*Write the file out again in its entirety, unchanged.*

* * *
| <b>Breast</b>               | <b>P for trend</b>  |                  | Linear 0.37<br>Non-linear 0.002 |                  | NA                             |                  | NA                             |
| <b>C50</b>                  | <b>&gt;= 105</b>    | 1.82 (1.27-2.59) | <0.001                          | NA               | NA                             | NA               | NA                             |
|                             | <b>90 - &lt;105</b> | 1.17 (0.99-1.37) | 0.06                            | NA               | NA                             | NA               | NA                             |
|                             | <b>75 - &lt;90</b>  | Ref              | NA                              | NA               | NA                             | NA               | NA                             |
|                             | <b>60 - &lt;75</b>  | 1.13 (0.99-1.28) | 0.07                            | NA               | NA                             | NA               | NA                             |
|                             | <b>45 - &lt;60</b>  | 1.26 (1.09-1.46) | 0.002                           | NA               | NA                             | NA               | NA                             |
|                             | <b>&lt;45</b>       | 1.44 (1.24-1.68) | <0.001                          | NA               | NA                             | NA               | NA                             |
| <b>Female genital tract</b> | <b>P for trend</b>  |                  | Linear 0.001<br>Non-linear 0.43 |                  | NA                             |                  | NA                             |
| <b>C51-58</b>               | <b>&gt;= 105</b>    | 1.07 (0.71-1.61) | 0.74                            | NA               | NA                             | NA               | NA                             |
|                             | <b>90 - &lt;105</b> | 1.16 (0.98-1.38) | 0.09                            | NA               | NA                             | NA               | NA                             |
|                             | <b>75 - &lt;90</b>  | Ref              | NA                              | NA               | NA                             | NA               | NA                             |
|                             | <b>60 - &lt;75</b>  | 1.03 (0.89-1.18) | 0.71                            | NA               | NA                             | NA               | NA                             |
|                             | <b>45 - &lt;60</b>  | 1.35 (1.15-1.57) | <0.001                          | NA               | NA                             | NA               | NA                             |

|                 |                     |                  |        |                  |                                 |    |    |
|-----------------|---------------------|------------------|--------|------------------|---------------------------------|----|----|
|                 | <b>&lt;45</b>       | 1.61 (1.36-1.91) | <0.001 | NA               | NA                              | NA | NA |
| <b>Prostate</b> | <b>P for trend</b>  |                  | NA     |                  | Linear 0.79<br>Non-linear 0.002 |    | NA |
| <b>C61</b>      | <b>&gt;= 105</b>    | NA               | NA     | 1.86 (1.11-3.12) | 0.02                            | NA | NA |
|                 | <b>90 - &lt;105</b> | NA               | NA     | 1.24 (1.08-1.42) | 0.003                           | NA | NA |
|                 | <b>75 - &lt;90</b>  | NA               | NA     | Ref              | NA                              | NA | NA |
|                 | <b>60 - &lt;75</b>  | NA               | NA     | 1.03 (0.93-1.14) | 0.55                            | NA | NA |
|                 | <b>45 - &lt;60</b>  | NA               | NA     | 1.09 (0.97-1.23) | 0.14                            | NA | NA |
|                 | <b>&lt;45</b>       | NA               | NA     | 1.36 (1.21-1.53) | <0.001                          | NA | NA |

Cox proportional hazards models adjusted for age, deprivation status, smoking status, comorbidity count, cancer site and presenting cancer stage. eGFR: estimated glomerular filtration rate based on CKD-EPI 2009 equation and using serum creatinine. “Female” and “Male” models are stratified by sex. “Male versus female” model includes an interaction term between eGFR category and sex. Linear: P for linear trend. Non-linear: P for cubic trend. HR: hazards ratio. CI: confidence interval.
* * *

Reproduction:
| <b>Breast</b>               | <b>P for trend</b>  |                  | Linear 0.37<br>Non-linear 0.002 |                  | NA                             |                  | NA                             |
| <b>C50</b>                  | <b>&gt;= 105</b>    | 1.82 (1.27-2.59) | <0.001                          | NA               | NA                             | NA               | NA                             |
|                             | <b>90 - &lt;105</b> | 1.17 (0.99-1.37) | 0.06                            | NA               | NA                             | NA               | NA                             |
|                             | <b>75 - &lt;90</b>  | Ref              | NA                              | NA               | NA                             | NA               | NA                             |
|                             | <b>60 - &lt;75</b>  | 1.13 (0.99-1.28) | 0.07                            | NA               | NA                             | NA               | NA                             |
|                             | <b>45 - &lt;60</b>  | 1.26 (1.09-1.46) | 0.002                           | NA               | NA                             | NA               | NA                             |
|                             | <b>&lt;45</b>       | 1.44 (1.24-1.68) | <0.001                          | NA               | NA                             | NA               | NA                             |
| <b>Female genital tract</b> | <b>P for trend</b>  |                  | Linear 0.001<br>Non-linear 0.43 |                  | NA                             |                  | NA                             |
| <b>C51-58</b>               | <b>&gt;= 105</b>    | 1.07 (0.71-1.61) | 0.74                            | NA               | NA                             | NA               | NA                             |
|                             | <b>90 - &lt;105</b> | 1.16 (0.98-1.38) | 0.09                            | NA               | NA                             | NA               | NA                             |
|                             | <b>75 - &lt;90</b>  | Ref              | NA                              | NA               | NA                             | NA               | NA                             |
|                             | <b>60 - &lt;75</b>  | 1.03 (0.89-1.18) | 0.71                            | NA               | NA                             | NA               | NA                             |
|                             | <b>45 - &lt;60</b>  | 1.35 (1.15-1.57) | <0.001                          | NA               | NA                             | NA               | NA                             |

|                 |                     |                  |        |                  |                                 |    |    |
|-----------------|---------------------|------------------|--------|------------------|---------------------------------|----|----|
|                 | <b>&lt;45</b>       | 1.61 (1.36-1.91) | <0.001 | NA               | NA                              | NA | NA |
| <b>Prostate</b> | <b>P for trend</b>  |                  | NA     |                  | Linear 0.79<br>Non-linear 0.002 |    | NA |
| <b>C61</b>      | <b>&gt;= 105</b>    | NA               | NA     | 1.86 (1.11-3.12) | 0.02                            | NA | NA |
|                 | <b>90 - &lt;105</b> | NA               | NA     | 1.24 (1.08-1.42) | 0.003                           | NA | NA |
|                 | <b>75 - &lt;90</b>  | NA               | NA     | Ref              | NA                              | NA | NA |
|                 | <b>60 - &lt;75</b>  | NA               | NA     | 1.03 (0.93-1.14) | 0.55                            | NA | NA |
|                 | <b>45 - &lt;60</b>  | NA               | NA     | 1.09 (0.97-1.23) | 0.14                            | NA | NA |
|                 | <b>&lt;45</b>       | NA               | NA     | 1.36 (1.21-1.53) | <0.001                          | NA | NA |

Cox proportional hazards models adjusted for age, deprivation status, smoking status, comorbidity count, cancer site and presenting cancer stage. eGFR: estimated glomerular filtration rate based on CKD-EPI 2009 equation and using serum creatinine. “Female” and “Male” models are stratified by sex. “Male versus female” model includes an interaction term between eGFR category and sex. Linear: P for linear trend. Non-linear: P for cubic trend. HR: hazards ratio. CI: confidence interval.